Henry McDonald (American football)
August 31, 1890|
|Died:||June 12, 1976(aged 85)|
Henry C. McDonald (August 31, 1890 – June 12, 1976) was a professional American football player for the Rochester Jeffersons from 1911 until 1917. He was one of the best known black American pro players during the era prior to the formation of the National Football League in 1920.
He was born in Port-au-Prince, Haiti, however his biological parents agreed to allow him to be adopted by his father's employer, an American coconut and banana importer. McDonald later recalled that his natural parents realized how great an opportunity it was for him to grow up in the United States. He later saw his mother 55 years later, when he took his family back to Haiti for visit. Henry spent his early childhood in Canandaigua, New York before his family later moved to Rochester. There he became the first black American to graduate from Rochester's East High School.
McDonald began playing professional football career in 1911 playing for the Oxford Pros. In his first professional game, McDonald played halfback for the Pros against the Rochester Jeffersons. The Jeffersons' owner and coach Leo Lyons promptly enticed him to play for the Jeffs, after being impressed with McDonald's speed. His ability to run fast earned him the nickname, "Motorcycle McDonald". According to McDonald, he could run a 100 yards in 10.2 seconds. The world record at the time for running 100 yards was 10 seconds flat.
In 1911, McDonald began his professional football career with the Rochester Jeffersons, who played in the New York Pro Football League. Throughout his professional career, McDonald had a difficult time making ends meet by playing football. He recalled that in all the years he played, that he never once took home more than $15 for one day of football. McDonald added that he had to play two games to get that much. As a result, McDonald often played a morning game in Rochester for the Jeffersons, then took a trolley to Canandaigua and played for the town team in the afternoon. While he did play baseball in the summer to off-set his money made playing football, McDonald enjoyed playing halfback, since running backs were the star players and received the most money at the time. During the early 20th century the ball was soft and shaped like a watermelon. Teams would throw a couple of passes every game, but usually as a last resort.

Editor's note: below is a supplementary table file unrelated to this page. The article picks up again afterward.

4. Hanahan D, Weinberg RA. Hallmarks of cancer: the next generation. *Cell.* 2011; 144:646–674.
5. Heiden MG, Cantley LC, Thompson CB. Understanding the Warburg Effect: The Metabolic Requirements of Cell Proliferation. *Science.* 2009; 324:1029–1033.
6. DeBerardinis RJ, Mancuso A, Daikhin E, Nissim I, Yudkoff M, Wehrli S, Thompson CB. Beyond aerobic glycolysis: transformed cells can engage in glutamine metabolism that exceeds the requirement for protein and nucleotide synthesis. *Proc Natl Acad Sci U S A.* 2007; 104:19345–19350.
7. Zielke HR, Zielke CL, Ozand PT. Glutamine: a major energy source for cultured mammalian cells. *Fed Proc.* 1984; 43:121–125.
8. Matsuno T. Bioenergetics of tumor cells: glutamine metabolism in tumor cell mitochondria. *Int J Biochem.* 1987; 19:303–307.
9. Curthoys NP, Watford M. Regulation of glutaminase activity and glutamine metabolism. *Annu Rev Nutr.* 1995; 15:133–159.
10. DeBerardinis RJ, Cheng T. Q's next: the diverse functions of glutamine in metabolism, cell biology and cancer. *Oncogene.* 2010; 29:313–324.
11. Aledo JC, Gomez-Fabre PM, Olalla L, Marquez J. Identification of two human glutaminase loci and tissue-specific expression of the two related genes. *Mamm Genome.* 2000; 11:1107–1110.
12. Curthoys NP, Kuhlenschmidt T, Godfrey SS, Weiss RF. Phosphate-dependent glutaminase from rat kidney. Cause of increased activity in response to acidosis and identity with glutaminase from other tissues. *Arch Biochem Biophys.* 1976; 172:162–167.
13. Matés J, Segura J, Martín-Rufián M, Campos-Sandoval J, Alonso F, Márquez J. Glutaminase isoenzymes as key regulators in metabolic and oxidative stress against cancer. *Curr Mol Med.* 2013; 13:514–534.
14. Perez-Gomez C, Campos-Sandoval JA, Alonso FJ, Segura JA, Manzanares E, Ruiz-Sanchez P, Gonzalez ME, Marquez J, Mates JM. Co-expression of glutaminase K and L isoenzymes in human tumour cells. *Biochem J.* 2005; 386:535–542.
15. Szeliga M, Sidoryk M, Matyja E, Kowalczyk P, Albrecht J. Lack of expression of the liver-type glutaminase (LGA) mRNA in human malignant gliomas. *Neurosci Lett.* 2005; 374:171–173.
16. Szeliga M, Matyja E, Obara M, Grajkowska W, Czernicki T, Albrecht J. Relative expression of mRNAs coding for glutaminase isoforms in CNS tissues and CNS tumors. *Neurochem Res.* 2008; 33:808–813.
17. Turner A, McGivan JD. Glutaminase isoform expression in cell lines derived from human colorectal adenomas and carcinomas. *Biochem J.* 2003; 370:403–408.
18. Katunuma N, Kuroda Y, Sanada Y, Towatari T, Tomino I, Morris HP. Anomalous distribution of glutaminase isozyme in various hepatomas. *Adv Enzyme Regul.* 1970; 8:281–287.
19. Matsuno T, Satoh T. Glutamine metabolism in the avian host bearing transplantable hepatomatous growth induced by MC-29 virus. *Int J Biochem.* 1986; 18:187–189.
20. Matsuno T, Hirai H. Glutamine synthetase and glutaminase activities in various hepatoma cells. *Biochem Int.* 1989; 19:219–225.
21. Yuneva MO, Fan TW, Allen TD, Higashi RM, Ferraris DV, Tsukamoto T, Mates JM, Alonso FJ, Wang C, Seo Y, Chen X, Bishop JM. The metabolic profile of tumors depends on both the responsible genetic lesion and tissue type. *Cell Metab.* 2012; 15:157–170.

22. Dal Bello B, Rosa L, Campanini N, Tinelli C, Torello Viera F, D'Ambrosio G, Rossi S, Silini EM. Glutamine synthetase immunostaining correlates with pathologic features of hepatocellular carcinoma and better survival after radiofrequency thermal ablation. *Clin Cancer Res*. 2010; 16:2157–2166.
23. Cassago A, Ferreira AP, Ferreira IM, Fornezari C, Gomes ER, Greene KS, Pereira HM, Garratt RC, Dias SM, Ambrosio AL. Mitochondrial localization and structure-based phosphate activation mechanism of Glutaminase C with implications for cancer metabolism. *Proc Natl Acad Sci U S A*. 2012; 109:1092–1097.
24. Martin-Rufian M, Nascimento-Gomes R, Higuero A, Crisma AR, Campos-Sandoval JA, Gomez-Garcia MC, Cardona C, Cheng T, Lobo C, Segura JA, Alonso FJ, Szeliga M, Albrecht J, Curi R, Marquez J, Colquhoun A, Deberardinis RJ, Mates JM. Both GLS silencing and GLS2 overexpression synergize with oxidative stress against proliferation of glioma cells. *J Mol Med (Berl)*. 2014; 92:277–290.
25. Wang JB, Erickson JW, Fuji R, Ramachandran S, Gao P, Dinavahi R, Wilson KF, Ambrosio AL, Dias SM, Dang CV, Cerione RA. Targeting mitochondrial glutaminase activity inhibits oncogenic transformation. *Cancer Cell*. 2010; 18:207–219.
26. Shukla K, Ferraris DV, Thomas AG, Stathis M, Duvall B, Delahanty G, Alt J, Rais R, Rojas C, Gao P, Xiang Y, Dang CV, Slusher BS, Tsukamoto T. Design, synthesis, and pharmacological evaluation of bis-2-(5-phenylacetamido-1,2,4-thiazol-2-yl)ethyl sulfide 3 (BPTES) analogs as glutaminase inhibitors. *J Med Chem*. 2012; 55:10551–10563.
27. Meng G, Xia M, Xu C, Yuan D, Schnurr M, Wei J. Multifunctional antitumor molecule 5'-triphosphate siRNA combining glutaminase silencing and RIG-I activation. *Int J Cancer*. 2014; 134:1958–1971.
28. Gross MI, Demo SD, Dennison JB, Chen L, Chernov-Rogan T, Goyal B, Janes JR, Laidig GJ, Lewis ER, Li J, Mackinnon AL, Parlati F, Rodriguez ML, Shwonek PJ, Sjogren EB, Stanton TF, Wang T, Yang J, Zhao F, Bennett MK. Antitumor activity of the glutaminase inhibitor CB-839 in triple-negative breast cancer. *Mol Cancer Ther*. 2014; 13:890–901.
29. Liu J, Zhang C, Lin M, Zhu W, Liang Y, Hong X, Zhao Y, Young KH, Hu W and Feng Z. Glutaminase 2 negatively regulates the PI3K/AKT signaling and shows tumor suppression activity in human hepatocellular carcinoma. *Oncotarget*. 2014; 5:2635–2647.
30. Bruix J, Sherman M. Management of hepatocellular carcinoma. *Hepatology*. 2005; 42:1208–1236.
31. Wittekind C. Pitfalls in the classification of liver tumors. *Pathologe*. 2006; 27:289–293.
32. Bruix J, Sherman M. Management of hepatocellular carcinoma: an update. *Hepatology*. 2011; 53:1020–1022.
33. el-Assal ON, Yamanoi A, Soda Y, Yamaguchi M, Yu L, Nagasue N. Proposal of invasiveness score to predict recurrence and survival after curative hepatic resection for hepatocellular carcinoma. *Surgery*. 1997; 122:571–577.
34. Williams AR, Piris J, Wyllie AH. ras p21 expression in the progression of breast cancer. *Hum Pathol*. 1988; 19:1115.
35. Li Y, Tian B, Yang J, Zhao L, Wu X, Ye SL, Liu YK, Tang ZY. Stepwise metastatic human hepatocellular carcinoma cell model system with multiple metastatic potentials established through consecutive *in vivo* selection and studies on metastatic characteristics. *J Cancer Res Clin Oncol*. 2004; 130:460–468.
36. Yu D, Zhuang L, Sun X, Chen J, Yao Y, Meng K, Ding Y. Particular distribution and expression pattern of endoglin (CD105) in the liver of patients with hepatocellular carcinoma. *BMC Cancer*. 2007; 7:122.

Incident with Greasy Neale
McDonald recalled only one negative racial incident during his 7 seasons of playing professional football. In 1917, McDonald and the Jeffersons (playing under the guise of the "Syracuse 47th Infantry") traveled to Ohio to play the Canton Bulldogs, led by Jim Thorpe. The trouble began when Canton's Greasy Neale threw McDonald out of bounds and snapped, "Black is black and white is white where I come from and the two don't mix." However McDonald, who was also a boxer, stood ready to fight Neale. However Jim Thorpe unexpectedly intervened. Thorpe then stated to Neale "We're here to play football". McDonald then recalled that he never had any trouble with Neale or any other Canton player afterwards.
In 1990 McDonald was inducted in the inaugural class of the Geneva (New York) Sports Hall of Fame. He was also a charter member of the Black Athlete's Hall of Fame, along with Willie Mays, Jackie Robinson and Jim Brown. In 1937 he was named the head football coach at DeSales High School, making him the first black American to serve as a head high school football coach in New York State. McDonald served as coach at DeSales until 1943. He was also one of the very first umpires, when Little League was organized. Geneva's Little League Park is named in his honor.
- "DeSales High School Homecoming". Geneva Times. 5 November 1976.
- Horrigan, Joe. "Early Black Professionals" (PDF). The Coffin Corner. Professional Football Researchers Association. Archived from the original (PDF) on 27 November 2010. Retrieved 3 November 2010.
- Peterson, Robert W. (1997). Pigskin: The Early Years of Pro Football. Oxford University Press. ISBN 0-19-511913-4.
- Geneva Sports Hall of Fame Bio
- Henry McDonald Bio